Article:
The genius of Castlevania resides in a relatively straightforward routine of persistent progression: levelling up, making bigger numbers pop out of enemies' heads when you smack them, and grinding for rare item drops. There's a tiny but crucial sense of achievement with every monster killed, every bat whipped and every boss defeated - and that's precisely what's missing from Castlevania: Harmony of Despair, a multiplayer adaptation of the series for XBLA that scraps several of the platformer's tenets in the name of introducing six-way co-op.
On the surface, Castlevania HD bears a striking resemblance to previous titles in the series, to the extent that visually there's very little originality here to speak of. The HD acronym speaks not to any increase in the resolution of the sprites - in fact, most of the art remains identical - but to a camera mode that displays the entire level at once, as well as an "actual size" mode that invites you to sit really close to your TV to see what's going on. One is impractical, and one is medically inadvisable, but both are an undeniably novel means of viewing the game world, especially when multiple players are flitting about the place. It's essentially like playing an interactive Prima Guide while somebody stands behind you with a stopwatch, shouting at you to hurry up.
The levels are typical Castlevania fare. You've got thirty minutes to find and defeat the chapter's boss by traversing the heavily compartmentalised, room-based castles, thwacking preset enemies and triggering switches, traps and chests. The new wide-angle world-view allows for some level-spanning threats. The demonic Gergoth boss from chapter one, for example, can fire his white-hot mouth-beams across the entire map, while the Puppet Master, another returning boss character, tends to crawl about the castle in search of iron maidens in which to trap you. Using the full-view camera in this instance allows you to pre-empt his movements and make your way to the appropriate part of the level.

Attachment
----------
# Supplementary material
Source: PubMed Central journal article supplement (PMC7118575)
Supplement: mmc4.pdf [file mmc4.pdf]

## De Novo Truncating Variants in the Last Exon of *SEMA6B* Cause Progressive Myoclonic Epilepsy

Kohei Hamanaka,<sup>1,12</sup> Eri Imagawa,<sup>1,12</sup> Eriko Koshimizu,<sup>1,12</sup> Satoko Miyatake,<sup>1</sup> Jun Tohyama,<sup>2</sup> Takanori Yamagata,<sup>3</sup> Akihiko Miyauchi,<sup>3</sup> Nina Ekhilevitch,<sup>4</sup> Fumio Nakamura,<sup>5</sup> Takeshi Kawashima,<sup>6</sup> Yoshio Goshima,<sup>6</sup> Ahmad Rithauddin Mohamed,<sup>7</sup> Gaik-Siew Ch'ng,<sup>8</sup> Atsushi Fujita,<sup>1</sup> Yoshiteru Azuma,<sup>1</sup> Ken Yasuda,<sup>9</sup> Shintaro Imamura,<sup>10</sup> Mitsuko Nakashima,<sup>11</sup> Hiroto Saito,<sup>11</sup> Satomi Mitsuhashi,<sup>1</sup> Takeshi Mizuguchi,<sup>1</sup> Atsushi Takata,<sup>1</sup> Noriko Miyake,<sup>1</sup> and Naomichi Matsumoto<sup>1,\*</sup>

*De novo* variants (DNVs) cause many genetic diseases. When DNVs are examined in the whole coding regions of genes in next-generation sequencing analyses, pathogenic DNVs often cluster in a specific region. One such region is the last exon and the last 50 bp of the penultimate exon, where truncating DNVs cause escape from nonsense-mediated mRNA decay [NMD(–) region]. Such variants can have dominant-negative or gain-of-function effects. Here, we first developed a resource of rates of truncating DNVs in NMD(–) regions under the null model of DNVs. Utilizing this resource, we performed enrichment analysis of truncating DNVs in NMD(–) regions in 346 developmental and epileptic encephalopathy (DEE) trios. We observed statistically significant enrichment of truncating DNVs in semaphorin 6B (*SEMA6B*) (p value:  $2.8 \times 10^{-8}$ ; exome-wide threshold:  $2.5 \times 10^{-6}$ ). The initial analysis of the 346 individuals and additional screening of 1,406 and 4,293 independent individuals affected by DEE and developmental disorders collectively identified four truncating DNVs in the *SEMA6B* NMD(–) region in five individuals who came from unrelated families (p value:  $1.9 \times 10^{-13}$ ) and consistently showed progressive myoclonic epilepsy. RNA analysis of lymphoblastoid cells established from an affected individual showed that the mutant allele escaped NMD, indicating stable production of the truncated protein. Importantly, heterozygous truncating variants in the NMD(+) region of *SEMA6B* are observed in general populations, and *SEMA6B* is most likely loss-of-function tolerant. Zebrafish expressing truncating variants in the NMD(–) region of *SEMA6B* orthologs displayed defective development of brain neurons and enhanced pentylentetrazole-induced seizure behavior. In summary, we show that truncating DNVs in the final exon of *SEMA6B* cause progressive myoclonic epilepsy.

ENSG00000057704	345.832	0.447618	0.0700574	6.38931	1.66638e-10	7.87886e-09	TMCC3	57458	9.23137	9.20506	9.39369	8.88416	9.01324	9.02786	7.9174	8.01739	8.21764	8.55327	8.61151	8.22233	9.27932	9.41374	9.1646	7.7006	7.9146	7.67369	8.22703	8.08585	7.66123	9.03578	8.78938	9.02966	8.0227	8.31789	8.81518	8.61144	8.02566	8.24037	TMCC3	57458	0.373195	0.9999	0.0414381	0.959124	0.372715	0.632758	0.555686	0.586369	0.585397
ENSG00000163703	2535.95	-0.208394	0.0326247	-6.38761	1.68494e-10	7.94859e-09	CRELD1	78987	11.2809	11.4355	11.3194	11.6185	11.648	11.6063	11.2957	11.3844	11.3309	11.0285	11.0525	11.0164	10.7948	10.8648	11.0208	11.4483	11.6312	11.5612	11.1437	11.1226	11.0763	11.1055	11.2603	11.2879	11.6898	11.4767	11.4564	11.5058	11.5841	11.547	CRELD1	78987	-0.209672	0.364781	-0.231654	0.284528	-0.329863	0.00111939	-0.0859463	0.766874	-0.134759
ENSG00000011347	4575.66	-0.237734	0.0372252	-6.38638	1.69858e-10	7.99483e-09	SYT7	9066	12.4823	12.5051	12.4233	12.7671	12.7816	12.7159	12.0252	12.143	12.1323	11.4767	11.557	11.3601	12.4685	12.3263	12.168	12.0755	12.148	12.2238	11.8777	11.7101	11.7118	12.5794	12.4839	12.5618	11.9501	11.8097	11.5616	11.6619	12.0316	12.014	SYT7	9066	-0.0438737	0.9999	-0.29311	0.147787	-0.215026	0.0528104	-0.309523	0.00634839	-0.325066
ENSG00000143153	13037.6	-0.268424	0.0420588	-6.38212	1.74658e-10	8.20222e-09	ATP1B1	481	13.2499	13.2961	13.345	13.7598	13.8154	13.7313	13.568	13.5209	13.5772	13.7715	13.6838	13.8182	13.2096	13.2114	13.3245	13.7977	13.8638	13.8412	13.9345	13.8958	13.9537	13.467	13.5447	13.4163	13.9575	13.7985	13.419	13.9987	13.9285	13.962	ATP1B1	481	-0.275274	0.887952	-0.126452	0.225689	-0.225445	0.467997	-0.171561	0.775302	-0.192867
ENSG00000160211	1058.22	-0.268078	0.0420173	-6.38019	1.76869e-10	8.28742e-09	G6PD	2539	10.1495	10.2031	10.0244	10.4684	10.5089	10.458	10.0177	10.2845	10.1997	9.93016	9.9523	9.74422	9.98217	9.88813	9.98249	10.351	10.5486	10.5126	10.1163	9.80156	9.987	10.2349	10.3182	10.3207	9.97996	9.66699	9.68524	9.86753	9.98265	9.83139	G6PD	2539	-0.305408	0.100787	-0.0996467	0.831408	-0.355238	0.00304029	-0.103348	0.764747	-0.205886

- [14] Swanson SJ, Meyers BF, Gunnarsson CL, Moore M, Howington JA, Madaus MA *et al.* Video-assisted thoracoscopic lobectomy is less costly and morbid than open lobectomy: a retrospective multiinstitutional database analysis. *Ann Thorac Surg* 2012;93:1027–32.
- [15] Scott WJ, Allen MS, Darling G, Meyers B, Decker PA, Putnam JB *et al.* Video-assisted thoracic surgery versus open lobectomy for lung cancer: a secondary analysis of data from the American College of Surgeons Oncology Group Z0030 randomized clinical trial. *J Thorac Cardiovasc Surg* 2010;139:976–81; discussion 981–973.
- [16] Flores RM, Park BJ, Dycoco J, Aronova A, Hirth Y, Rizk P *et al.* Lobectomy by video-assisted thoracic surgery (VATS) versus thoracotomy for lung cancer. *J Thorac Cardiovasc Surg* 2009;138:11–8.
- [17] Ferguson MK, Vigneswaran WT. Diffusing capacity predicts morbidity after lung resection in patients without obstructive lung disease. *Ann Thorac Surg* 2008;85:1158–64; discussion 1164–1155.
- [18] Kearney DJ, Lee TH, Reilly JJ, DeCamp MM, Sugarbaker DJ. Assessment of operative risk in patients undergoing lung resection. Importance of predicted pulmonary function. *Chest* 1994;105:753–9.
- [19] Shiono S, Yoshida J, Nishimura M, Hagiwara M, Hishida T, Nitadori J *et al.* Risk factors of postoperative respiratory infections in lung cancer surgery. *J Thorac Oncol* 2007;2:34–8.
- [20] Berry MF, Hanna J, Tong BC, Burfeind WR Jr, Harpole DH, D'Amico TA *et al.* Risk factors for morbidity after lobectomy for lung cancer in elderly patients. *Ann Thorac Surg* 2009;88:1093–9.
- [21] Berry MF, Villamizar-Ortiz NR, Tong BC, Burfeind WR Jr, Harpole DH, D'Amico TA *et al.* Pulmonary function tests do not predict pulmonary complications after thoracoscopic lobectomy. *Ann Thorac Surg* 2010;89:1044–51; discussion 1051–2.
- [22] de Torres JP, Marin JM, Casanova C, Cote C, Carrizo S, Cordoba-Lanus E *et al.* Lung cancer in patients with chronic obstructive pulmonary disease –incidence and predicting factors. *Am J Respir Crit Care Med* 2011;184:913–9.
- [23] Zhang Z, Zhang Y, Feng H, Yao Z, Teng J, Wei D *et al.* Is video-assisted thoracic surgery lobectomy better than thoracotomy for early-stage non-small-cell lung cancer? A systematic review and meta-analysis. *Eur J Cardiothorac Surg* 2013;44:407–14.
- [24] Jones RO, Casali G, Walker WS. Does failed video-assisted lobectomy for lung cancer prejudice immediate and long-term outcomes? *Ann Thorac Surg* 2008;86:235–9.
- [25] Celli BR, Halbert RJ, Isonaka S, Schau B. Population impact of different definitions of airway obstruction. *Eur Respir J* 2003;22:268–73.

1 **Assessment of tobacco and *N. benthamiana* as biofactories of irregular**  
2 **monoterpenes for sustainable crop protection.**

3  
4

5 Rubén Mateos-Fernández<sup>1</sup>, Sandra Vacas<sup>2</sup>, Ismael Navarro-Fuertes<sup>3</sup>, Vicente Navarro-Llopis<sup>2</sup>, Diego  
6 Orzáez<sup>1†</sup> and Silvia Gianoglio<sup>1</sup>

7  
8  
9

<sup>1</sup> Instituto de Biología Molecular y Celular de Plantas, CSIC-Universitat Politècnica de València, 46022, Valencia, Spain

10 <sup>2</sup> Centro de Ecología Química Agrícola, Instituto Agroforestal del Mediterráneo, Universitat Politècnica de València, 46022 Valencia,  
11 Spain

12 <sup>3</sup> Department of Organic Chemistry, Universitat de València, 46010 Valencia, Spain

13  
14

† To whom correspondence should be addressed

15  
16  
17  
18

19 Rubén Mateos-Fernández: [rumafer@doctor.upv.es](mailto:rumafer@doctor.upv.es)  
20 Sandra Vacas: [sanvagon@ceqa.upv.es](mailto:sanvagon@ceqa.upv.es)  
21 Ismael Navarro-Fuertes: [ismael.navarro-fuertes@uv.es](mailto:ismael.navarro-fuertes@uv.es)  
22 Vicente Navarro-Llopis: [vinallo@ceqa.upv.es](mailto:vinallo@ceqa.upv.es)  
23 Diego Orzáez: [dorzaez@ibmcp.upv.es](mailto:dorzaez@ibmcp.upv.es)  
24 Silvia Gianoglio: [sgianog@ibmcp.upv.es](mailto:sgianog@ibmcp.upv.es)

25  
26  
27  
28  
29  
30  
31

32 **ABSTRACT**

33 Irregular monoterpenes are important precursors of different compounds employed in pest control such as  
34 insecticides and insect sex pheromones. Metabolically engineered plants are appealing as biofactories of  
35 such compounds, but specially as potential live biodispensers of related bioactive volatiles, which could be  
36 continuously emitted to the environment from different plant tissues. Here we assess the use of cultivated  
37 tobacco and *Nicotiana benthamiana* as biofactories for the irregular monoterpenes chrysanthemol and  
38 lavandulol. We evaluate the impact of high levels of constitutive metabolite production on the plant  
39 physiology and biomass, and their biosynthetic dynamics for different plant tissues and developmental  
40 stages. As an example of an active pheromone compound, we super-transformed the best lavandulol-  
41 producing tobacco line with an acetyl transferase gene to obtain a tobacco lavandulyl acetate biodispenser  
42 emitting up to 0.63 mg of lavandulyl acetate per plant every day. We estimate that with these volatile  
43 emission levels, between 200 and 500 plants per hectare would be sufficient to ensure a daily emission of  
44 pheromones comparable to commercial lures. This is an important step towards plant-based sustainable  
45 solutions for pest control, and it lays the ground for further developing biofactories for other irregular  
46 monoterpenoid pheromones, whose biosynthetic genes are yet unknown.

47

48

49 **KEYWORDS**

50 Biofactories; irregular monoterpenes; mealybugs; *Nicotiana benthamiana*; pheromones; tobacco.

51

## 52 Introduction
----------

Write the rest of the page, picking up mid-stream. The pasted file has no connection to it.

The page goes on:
Chapters also sport various switches and levers intended for use by multiple players, allowing fast access across the map or rewarding you with previously inaccessible treasure chests. At worst these feel like cursory inclusions, but at times they open up genuinely useful alternate paths, allowing dawdling players to catch up, or advancing players to clear out rooms of enemies before the rest of the team show up.
But perhaps the strangest design choice is simply in how you progress through Castlevania HD's chapters - or more accurately, how you don't. Play alone and you're all but certain to fail repeatedly and be unceremoniously chucked back to the start of the level. As improving your character is achieved solely through finding or purchasing better weapons, armour and spells, an absurd situation is created in which you're effectively forced to battle bosses long before your character is ready. Only by replaying the 10-15 minute long chapters can you improve your character, and with chapters playing out identically every time (apart from the random loot you'll be picking up) this leads to Groundhog Day levels of tedium and frustration. Castlevania HD is punishingly difficult for the lone player.
Get five players in with you though and the game becomes a far more well-rounded, as well as hectic, affair. Opened chests award all players with items, the different playable characters see players carving different routes through the castle, dead players can continue the game as bone-chucking skeletons, and the chapter bosses suddenly seem less intimidating. But with the neutered, item-based character progression, the entire charade feels like a pointless exercise in repetition, and the inclusion of a "save replay" option suggests that this game is more about speed-runs and po-faced efficiency than good honest fun.
Castlevania HD was built to be played in co-op, so much so in fact that it feels like a multiplayer sideshow to a non-existent single-player mode, one that doesn't work if you play alone and actively scolds you for even trying. Online, it doesn't resemble the sort of game Castlevania fans would want to play, and the frantic nature of six-way co-op simply throws all of the series' slightly clunky but previously forgiveable mechanics into sharp relief. Had this game been tied to a single-player Castlevania title, it'd be praised for it's refreshingly action-focused and investment-deflecting outlook. As a stand-alone co-op game, Castlevania HD, sadly, feels shallow and diluted.